Turn your attention to The Life Of A Pinhole Photographer - Justin Quinnell, a short documentary-style video on, well, a day in the life of Justin! In it, he tells us what it is about Pinhole that is so attractive to him and why it can be such an incredible form of image making that literally anyone can get stuck into.
His gallery, is filled to the brim with a life time of photographic exploration. Armed with his limitless imagination, Justin pushes the boundaries of what we understand to be a camera by consistently reinventing it.
The message is clear: Pinhole can be achieved by anyone. Simply because there is no incorrect way of doing it.
Dan @ The Pinhole Society
I’ve been a follower of ‘The Schlem’ for quite some time now and one of my favourite things about this man is that he constantly surprises me with his persistently innovative eye and originality.
‘FED мутант’ is, in short, one of the most subtly handled collection of black and white pinhole photography I’ve come across to date. His Flickr account is awash with experimentation - a testament to the dedication to the advancement of his art (click here to take a peak at the magnitude of his genius). His extraordinary results serve to compliment said dedication. I consider him a forefront in a ‘contemporary’ pinhole scene.
With the sheer myriad of work Todd has produced, I felt it necessary to ask whether or not he has one particular piece he’s especially proud of. To which he replied:
“My wife and I traveled to Amsterdam for Worldwide Pinhole Photography Day last year, meeting up with a bunch of amazing (pinhole) photographers from all over Europe and the US. For the most part, no one had ever met face to face before, having only interacted on Facebook and Twitter. It was a grand social media experiment and it totally rocked. We rendezvoused in Portland, Oregon this year. We’re planning to meet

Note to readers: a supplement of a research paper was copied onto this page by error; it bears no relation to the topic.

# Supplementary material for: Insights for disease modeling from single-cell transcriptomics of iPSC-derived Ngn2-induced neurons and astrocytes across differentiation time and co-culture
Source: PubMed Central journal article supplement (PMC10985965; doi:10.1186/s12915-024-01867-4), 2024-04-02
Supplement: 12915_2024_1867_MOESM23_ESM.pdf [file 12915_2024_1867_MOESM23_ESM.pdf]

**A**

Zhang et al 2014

in Barcelona, Spain next year.
All of which is a preamble to this anecdote: On our return from Amsterdam, we spent a few days in London and then a few more in Reykjavik, Iceland. We bombed around Reykjavik and tasted whale and quaffed $10US Icelandic beer. On the way to the airport, we arranged for a slight side trip to the Blue Lagoon, a silica-rich hot springs spa (that is actually the outfall of a geothermal power generating station, but I digress).
It was expensive, and the spa charged extra money for things like towels and
lockers and flip flops. I was grumpy about leaving Europe, I felt like I hadn’t
seen enough Iceland, and now the vikings were prying my wallet open just as I
was needing to leave. After soaking for a while, we snacked on overpriced and
unremarkable sandwiches in the last minutes before we had to catch the bus to
the airport. I was done.
And then I heard a voice in my head bemoaning that I may never return to this beautiful and other-worldly place. The voice asked me why the hell I carry cameras with me. I weighed my exhaustion and mood against photographic possibilities. I left Beehive to finish her lunch and quickly stepped outside with my light meter and camera.”
Please, do take a moment to view the stunning result, ’Blue Lagoon, Reykjavik, Iceland’ below.
If you’re in need of some inspiration, please take the time to follow those links and treat your brain to some phenomenal art. For now though, I’ll leave you with Todd’s own words, for they are surely much clearer than my own…
“I guess I’d call it whole brain photography: Designing a camera in software is very left brain, and using that camera to make photographic art is very right brain. Ultimately, the technology of photography is numerical and analytical, but the art of photography comes from aesthetics, vision, and imagination. I feel like I am still trying to refine my style, but certain patterns and themes emerge in the thousands of pinhole photographs I have made.”